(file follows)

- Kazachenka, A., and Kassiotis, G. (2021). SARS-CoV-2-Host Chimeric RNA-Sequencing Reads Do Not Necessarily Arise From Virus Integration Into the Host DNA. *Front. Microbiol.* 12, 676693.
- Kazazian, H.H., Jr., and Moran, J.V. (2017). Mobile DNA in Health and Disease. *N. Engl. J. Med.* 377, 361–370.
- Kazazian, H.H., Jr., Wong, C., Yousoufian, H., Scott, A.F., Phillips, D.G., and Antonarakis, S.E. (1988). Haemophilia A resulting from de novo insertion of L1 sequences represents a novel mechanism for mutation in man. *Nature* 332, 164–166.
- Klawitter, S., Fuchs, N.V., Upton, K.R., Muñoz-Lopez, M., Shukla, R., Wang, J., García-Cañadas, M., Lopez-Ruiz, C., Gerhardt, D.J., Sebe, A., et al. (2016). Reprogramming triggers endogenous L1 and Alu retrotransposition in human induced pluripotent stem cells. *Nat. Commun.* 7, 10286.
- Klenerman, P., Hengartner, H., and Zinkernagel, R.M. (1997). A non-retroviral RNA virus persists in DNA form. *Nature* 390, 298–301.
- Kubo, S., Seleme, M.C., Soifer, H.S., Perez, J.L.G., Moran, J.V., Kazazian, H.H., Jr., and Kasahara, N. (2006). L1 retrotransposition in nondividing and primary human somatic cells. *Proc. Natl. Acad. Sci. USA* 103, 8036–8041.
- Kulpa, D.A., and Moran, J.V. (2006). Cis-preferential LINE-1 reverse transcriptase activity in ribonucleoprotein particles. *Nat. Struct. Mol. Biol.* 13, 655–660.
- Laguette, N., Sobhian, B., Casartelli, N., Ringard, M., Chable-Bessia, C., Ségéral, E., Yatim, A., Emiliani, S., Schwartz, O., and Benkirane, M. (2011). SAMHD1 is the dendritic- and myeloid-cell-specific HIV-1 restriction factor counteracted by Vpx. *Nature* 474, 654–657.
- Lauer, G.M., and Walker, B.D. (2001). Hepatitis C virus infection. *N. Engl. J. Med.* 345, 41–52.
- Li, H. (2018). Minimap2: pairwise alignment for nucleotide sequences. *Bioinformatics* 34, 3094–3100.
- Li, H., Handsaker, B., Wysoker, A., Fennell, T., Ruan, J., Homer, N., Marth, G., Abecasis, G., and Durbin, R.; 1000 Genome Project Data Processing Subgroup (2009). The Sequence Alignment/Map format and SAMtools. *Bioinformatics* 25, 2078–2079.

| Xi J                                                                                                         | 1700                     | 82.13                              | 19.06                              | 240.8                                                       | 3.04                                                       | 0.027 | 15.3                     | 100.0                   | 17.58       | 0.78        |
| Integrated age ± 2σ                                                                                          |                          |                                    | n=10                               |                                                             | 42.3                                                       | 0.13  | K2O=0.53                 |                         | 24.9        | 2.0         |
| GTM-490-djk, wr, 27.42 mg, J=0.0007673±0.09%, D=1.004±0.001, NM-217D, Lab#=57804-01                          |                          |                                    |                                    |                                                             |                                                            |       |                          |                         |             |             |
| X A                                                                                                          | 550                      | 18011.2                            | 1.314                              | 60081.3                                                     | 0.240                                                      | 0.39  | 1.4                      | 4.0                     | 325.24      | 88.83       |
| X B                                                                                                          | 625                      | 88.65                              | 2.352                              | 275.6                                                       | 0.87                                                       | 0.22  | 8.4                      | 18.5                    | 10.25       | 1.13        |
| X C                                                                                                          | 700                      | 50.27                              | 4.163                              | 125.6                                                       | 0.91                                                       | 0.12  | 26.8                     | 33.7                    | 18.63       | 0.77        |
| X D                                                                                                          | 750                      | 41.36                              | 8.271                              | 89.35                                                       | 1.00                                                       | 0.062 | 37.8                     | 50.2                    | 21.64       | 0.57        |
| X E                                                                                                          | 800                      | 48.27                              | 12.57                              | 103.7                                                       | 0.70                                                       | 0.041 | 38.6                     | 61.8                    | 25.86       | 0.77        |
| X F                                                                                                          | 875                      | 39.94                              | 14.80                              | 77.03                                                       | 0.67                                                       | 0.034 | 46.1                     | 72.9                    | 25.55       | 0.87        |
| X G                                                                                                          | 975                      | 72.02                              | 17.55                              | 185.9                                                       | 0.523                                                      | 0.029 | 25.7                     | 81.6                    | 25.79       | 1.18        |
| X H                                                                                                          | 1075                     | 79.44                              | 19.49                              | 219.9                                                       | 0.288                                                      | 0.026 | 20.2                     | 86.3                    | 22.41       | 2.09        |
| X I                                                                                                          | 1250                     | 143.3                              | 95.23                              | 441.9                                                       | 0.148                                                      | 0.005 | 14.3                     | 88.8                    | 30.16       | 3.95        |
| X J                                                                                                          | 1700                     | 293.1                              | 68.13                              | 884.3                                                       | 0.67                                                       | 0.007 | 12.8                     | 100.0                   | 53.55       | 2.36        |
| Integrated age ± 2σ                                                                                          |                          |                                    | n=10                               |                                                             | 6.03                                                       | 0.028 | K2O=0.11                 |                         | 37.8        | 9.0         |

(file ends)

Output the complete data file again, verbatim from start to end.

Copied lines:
- Kazachenka, A., and Kassiotis, G. (2021). SARS-CoV-2-Host Chimeric RNA-Sequencing Reads Do Not Necessarily Arise From Virus Integration Into the Host DNA. *Front. Microbiol.* 12, 676693.
- Kazazian, H.H., Jr., and Moran, J.V. (2017). Mobile DNA in Health and Disease. *N. Engl. J. Med.* 377, 361–370.
- Kazazian, H.H., Jr., Wong, C., Yousoufian, H., Scott, A.F., Phillips, D.G., and Antonarakis, S.E. (1988). Haemophilia A resulting from de novo insertion of L1 sequences represents a novel mechanism for mutation in man. *Nature* 332, 164–166.
- Klawitter, S., Fuchs, N.V., Upton, K.R., Muñoz-Lopez, M., Shukla, R., Wang, J., García-Cañadas, M., Lopez-Ruiz, C., Gerhardt, D.J., Sebe, A., et al. (2016). Reprogramming triggers endogenous L1 and Alu retrotransposition in human induced pluripotent stem cells. *Nat. Commun.* 7, 10286.
- Klenerman, P., Hengartner, H., and Zinkernagel, R.M. (1997). A non-retroviral RNA virus persists in DNA form. *Nature* 390, 298–301.
- Kubo, S., Seleme, M.C., Soifer, H.S., Perez, J.L.G., Moran, J.V., Kazazian, H.H., Jr., and Kasahara, N. (2006). L1 retrotransposition in nondividing and primary human somatic cells. *Proc. Natl. Acad. Sci. USA* 103, 8036–8041.
- Kulpa, D.A., and Moran, J.V. (2006). Cis-preferential LINE-1 reverse transcriptase activity in ribonucleoprotein particles. *Nat. Struct. Mol. Biol.* 13, 655–660.
- Laguette, N., Sobhian, B., Casartelli, N., Ringard, M., Chable-Bessia, C., Ségéral, E., Yatim, A., Emiliani, S., Schwartz, O., and Benkirane, M. (2011). SAMHD1 is the dendritic- and myeloid-cell-specific HIV-1 restriction factor counteracted by Vpx. *Nature* 474, 654–657.
- Lauer, G.M., and Walker, B.D. (2001). Hepatitis C virus infection. *N. Engl. J. Med.* 345, 41–52.
- Li, H. (2018). Minimap2: pairwise alignment for nucleotide sequences. *Bioinformatics* 34, 3094–3100.
- Li, H., Handsaker, B., Wysoker, A., Fennell, T., Ruan, J., Homer, N., Marth, G., Abecasis, G., and Durbin, R.; 1000 Genome Project Data Processing Subgroup (2009). The Sequence Alignment/Map format and SAMtools. *Bioinformatics* 25, 2078–2079.

| Xi J                                                                                                         | 1700                     | 82.13                              | 19.06                              | 240.8                                                       | 3.04                                                       | 0.027 | 15.3                     | 100.0                   | 17.58       | 0.78        |
| Integrated age ± 2σ                                                                                          |                          |                                    | n=10                               |                                                             | 42.3                                                       | 0.13  | K2O=0.53                 |                         | 24.9        | 2.0         |
| GTM-490-djk, wr, 27.42 mg, J=0.0007673±0.09%, D=1.004±0.001, NM-217D, Lab#=57804-01                          |                          |                                    |                                    |                                                             |                                                            |       |                          |                         |             |             |
| X A                                                                                                          | 550                      | 18011.2                            | 1.314                              | 60081.3                                                     | 0.240                                                      | 0.39  | 1.4                      | 4.0                     | 325.24      | 88.83       |
| X B                                                                                                          | 625                      | 88.65                              | 2.352                              | 275.6                                                       | 0.87                                                       | 0.22  | 8.4                      | 18.5                    | 10.25       | 1.13        |
| X C                                                                                                          | 700                      | 50.27                              | 4.163                              | 125.6                                                       | 0.91                                                       | 0.12  | 26.8                     | 33.7                    | 18.63       | 0.77        |
| X D                                                                                                          | 750                      | 41.36                              | 8.271                              | 89.35                                                       | 1.00                                                       | 0.062 | 37.8                     | 50.2                    | 21.64       | 0.57        |
| X E                                                                                                          | 800                      | 48.27                              | 12.57                              | 103.7                                                       | 0.70                                                       | 0.041 | 38.6                     | 61.8                    | 25.86       | 0.77        |
| X F                                                                                                          | 875                      | 39.94                              | 14.80                              | 77.03                                                       | 0.67                                                       | 0.034 | 46.1                     | 72.9                    | 25.55       | 0.87        |
| X G                                                                                                          | 975                      | 72.02                              | 17.55                              | 185.9                                                       | 0.523                                                      | 0.029 | 25.7                     | 81.6                    | 25.79       | 1.18        |
| X H                                                                                                          | 1075                     | 79.44                              | 19.49                              | 219.9                                                       | 0.288                                                      | 0.026 | 20.2                     | 86.3                    | 22.41       | 2.09        |
| X I                                                                                                          | 1250                     | 143.3                              | 95.23                              | 441.9                                                       | 0.148                                                      | 0.005 | 14.3                     | 88.8                    | 30.16       | 3.95        |
| X J                                                                                                          | 1700                     | 293.1                              | 68.13                              | 884.3                                                       | 0.67                                                       | 0.007 | 12.8                     | 100.0                   | 53.55       | 2.36        |
| Integrated age ± 2σ                                                                                          |                          |                                    | n=10                               |                                                             | 6.03                                                       | 0.028 | K2O=0.11                 |                         | 37.8        | 9.0         |